Thursday, January 11, 2018

Update 11th January

·       While 2018 will be the Centenary of a number of events in the 26 counties it can be regarded I feel as the 50th Anniversary year of the Northern Ireland ‘Troubles’… 50 years … imagine!
·       • I had intended to refer to the Christmas Quiz – which I set too hard- but may do so next time.
·       • As I expected there were a number of names –some very obvious!- which were not on our Christmas Wishes list. Must do better.
·       • A highlight of my year the Sitges trip.

 Young Scientist of the Year
There are a number of events that bookmark the year as it progresses. The current one is The Young Scientist of the Year. I only attended once when a family friend had a project on display there. It was a pretty impressive occasion and it seems as if that is consistent through the years. There have been impressive winners also with quite a number cropping up in subsequent years at advanced levels in their respective fields. I am not aware of outstanding projects from this region but perhaps that is just my perception. There are many areas which have a wide spread for investigation especially the environment and its abuse by, I suppose, all of us. So on Saturday we will see the winners and their projects but I imagine many students will visit the RDS to get an overview and hopefully they will be inspired by some of what they see there.

The GAA in a Turbulent Time
The County Conventions and AGMs are mostly over with the major annual GAA Annual Conference remaining i.e. Annual Congress. A Boyle motion regarding a sensitive issue of the moment was passed at Roscommon Convention and should be discussed at Congress. The motion is as follows;
“That Cumann Luth Chleas Gael do not renew nor enter contracts with television companies that require ‘pay per view’ for coverage of our national games after the current contract expires”. Sky is probably the TV company most in the sights of such a motion.
Clann na nGael had a similar motion but it was withdrawn in favour of the Boyle motion. In last Sunday’s Independent Joe Brolly gave an incisive outline of his views on the march of Sky and its potential dominance of sports coverage with the attendant spread of a Sky sports culture and influence. Joe Brolly’s article looks to be really well researched and those who go to Congress and speak on the Boyle motion will do well to study it. If the GAA with all its traditions, cultural philosophy and being rooted in the wide community cannot resist the March of a Sky culture and its dominance then it indicative of the power of the great multi-nationals with their huge financial resources. (I’ll try and deal with some of the GAA issues into the future as they get some cohesion in my head).
A further issue emerged last Saturday with a Martin Brehony article regarding the criteria stipulated for a person seeking the position of Director General to succeed Paraic Duffy. The GAA has now extended the deadline for applications to Jan. 19th. The power of the pen and a bit of common sense.

The Golden Globes
What a great achievement it was for young Carlow actress Saoirse Ronan to win the Golden Globe Award for best actress in a musical or comedy for her role in the coming-of-age story, Ladybird.
While London Irishman with very strong Irish connections, Martin McDonagh's 'Three Billboard's Outside Ebbing Missouri' won four awards, including best film, and best screenplay.
Also nominated for a gong was Paul Young’s Cartoon Saloon’s ‘Breadwinner’ .
Meanwhile the majority of women wore black to the Golden Globe awards to highlight sexual harassment in the industry.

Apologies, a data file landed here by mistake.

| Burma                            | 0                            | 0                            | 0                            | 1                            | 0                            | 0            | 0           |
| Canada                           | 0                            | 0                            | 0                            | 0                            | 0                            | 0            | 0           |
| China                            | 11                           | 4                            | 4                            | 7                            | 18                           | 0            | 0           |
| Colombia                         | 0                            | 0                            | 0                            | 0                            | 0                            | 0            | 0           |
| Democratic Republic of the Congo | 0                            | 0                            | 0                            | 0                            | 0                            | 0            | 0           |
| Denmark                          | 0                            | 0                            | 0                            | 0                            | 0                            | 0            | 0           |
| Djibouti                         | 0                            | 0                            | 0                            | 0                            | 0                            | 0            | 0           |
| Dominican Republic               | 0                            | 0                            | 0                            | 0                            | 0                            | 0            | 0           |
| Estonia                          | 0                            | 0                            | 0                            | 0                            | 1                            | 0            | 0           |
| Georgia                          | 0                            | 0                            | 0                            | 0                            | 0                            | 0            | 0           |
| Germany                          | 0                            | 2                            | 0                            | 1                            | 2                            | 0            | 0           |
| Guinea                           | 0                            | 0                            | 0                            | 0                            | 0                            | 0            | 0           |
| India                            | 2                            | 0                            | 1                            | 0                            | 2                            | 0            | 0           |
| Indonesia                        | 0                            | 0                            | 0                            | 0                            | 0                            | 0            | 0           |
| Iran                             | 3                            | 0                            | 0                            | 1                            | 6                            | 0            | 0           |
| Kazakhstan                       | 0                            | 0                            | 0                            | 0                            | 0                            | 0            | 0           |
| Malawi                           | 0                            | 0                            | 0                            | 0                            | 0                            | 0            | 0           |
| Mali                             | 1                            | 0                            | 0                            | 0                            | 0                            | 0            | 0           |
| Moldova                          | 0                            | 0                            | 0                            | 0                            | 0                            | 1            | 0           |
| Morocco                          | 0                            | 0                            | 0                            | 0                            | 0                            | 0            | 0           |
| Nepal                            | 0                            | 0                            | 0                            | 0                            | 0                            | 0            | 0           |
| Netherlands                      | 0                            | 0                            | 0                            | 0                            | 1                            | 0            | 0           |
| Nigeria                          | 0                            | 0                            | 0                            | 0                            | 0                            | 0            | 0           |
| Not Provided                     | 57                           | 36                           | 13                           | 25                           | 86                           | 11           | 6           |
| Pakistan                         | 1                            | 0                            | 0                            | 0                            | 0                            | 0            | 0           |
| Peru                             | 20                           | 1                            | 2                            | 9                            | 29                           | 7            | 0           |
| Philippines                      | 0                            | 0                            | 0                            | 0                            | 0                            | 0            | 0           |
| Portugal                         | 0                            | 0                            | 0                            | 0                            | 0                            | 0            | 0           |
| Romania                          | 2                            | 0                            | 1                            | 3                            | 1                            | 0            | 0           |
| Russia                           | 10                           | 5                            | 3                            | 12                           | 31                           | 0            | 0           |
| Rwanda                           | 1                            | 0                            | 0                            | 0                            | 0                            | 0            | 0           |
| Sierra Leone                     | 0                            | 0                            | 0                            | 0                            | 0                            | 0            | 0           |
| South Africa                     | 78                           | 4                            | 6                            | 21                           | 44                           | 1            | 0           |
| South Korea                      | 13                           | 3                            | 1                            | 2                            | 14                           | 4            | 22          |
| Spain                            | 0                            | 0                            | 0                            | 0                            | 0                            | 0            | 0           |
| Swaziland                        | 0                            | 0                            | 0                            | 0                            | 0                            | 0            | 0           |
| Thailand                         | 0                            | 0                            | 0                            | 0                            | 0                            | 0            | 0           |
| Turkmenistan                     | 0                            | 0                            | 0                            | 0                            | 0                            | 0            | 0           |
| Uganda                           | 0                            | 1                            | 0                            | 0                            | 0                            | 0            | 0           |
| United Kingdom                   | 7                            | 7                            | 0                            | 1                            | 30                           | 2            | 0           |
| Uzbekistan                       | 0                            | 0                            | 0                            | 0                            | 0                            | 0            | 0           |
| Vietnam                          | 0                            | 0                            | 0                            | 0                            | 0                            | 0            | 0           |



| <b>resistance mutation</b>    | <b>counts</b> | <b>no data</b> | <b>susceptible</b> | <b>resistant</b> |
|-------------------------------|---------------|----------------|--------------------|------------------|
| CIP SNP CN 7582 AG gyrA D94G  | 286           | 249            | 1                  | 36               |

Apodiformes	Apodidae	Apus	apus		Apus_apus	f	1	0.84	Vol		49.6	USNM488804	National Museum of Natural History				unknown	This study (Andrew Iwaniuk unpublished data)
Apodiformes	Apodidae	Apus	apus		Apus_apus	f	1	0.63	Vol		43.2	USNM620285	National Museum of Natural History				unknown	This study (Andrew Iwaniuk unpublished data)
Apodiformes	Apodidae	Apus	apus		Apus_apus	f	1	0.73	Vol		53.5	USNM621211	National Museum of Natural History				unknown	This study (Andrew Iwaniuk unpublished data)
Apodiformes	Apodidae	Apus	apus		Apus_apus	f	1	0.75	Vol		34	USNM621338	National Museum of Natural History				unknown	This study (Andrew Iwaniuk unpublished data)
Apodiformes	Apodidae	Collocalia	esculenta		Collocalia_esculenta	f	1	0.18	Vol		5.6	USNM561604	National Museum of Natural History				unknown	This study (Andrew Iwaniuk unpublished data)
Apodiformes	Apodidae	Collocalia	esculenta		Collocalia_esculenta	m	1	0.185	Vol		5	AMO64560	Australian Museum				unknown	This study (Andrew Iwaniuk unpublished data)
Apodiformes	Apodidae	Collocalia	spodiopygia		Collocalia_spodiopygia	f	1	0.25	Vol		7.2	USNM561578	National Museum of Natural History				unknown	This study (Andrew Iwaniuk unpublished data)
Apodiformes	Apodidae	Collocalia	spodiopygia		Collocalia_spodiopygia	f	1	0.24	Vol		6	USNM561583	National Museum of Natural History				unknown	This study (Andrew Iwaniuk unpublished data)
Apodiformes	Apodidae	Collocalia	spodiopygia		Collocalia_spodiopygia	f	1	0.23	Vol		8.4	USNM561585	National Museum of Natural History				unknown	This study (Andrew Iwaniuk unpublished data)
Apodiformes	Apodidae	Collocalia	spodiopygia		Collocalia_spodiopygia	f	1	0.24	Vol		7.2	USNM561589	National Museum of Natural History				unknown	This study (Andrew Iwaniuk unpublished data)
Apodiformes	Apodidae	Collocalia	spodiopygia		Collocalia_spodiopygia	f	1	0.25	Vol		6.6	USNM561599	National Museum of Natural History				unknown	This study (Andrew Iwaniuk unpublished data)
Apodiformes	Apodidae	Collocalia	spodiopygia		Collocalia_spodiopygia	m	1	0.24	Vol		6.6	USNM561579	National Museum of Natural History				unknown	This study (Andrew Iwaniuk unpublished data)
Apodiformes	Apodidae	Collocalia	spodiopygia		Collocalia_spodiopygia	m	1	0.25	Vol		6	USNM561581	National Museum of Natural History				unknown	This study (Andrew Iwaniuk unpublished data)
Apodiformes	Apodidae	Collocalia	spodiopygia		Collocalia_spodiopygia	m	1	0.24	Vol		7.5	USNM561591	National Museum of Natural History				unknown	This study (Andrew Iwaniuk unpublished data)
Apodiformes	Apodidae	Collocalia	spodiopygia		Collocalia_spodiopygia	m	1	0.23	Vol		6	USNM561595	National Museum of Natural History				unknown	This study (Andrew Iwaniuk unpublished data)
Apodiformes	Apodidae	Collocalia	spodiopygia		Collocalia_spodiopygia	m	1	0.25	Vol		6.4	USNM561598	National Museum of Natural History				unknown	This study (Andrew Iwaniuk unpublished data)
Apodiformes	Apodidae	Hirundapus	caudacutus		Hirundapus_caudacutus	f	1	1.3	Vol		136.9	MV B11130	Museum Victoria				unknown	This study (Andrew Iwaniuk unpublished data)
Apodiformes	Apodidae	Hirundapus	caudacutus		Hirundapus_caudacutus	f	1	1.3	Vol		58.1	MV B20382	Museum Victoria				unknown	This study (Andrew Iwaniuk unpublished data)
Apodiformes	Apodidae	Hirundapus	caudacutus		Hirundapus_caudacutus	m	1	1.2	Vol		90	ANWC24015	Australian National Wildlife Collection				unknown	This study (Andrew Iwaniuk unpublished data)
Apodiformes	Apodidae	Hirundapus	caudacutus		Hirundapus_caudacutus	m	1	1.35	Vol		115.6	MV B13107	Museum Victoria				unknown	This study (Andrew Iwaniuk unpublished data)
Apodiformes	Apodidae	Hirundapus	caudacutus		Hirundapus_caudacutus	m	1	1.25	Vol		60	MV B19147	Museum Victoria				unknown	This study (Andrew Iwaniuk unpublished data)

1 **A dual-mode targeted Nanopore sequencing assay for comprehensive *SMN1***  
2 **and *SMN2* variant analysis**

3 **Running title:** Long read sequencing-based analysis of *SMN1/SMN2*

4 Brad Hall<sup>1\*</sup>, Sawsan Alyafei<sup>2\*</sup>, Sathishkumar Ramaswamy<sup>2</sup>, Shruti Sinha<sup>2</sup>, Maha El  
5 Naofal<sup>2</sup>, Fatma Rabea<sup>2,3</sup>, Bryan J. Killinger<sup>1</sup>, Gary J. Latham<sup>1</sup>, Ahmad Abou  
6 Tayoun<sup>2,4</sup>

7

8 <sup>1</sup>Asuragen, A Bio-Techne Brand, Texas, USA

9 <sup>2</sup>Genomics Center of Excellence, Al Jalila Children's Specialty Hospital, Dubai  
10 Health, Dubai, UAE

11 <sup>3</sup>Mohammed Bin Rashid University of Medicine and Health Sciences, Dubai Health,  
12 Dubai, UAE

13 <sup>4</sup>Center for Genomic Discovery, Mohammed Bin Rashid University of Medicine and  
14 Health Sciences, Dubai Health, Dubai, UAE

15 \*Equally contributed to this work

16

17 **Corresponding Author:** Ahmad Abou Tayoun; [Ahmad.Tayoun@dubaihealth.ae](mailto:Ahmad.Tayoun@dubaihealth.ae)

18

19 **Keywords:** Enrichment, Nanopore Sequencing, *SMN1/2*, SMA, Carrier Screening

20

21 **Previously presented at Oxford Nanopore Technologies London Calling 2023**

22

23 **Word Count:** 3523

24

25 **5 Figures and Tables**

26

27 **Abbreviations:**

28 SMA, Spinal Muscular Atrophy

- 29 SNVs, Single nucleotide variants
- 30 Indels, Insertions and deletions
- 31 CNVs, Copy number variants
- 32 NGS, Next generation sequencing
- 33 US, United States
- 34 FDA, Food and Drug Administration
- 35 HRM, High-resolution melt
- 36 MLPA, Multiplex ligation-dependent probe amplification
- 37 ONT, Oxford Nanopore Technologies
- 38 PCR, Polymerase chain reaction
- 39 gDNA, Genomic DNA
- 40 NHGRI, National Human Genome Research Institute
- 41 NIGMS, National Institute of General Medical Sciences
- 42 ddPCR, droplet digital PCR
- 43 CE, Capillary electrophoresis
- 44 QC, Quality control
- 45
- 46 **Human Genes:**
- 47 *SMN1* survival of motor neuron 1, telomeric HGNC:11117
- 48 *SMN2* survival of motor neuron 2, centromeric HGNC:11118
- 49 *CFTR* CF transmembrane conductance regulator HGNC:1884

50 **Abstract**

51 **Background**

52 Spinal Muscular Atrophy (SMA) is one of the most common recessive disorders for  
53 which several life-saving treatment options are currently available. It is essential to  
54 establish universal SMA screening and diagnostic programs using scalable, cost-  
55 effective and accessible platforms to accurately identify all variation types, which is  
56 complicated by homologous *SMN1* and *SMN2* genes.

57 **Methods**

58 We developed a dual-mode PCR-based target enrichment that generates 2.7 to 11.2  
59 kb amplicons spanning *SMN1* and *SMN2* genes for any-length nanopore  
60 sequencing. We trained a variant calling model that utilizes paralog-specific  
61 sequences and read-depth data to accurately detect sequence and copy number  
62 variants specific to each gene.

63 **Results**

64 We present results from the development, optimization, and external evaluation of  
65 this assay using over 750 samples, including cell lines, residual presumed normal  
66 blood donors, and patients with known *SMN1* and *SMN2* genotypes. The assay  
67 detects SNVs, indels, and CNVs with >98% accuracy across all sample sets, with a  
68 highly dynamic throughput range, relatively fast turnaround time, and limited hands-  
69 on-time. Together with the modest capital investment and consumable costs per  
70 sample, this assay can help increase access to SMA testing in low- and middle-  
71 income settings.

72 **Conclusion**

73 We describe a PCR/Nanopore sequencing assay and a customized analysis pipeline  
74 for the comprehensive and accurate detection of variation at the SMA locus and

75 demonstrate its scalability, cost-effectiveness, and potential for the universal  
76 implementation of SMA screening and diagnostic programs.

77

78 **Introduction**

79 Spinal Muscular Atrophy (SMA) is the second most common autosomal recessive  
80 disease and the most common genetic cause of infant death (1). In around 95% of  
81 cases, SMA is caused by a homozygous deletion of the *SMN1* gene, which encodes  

Hundreds of actors, writers and directors have signed up to the ‘Times Up’ campaign calling for new laws to tackle the issue.
Comedian Seth Meyers opened the ceremony by saying "Welcome ladies and remaining gentlemen".
Also on the night Oprah Winfrey on receiving an award for her extensive range of media skills and achievements used the occasion to give a powerful speech on various issues of the moment. It is being suggested that the speech was an opening salvo in her possible run for President of the United States.  

Observations on Some Television Programmes
I may watch too much television. I like to think though that I am pretty selective! There is a whole swathe of television programmes that I avoid with due diligence. Amongst those are ‘the soaps’. (Why are they called soaps? Ans. Because they were originally sponsored by soap producing companies).  My self-indulgence lies with Champions League soccer. In the latter months of the ’17 there was a good deal of excellent games from the Premier League in England also.  
Over Christmas I watched Shane again. It must be nearly a score of times I’ve seen that western classic which first came to the screens in 1952 with Alan Ladd and the bad guy Wilson played by Jack Palance. I watched ‘The Big Country’ not for Charlton Heston who I avoid, since his famous ‘From these dead hands’ speech to the N.R.A. in the U.S. It was for the performance of Burl Ives as Rufus Hannassey in opposition to Charles Bickford’s Major Tyrell. Burl Ives was also a popular singer and I seem to remember, when I was a boy, him singing Big Rock Candy Mountain.
There were a good few quizzes on tv and with University Challenge and others being dumbed down they were entertaining.
With the advance in technology making it easy to record a programme and view it when convenient there is no need to miss a programme that interests you. That happened with the Monday night RTE transmission of ‘Micko’ on the life and football career of Mick O’Dwyer. It was in many ways subdued as it outlined his fierce commitment to Gaelic games first as an outstanding player himself and then as the most successful Gaelic football team trainer ever. It was sad to see what time does to us all in his decline and muted speech. Still it was not one of those boring undiluted patronising programmes of the man as is often the case. So having it recorded I will watch again at a more studied pace.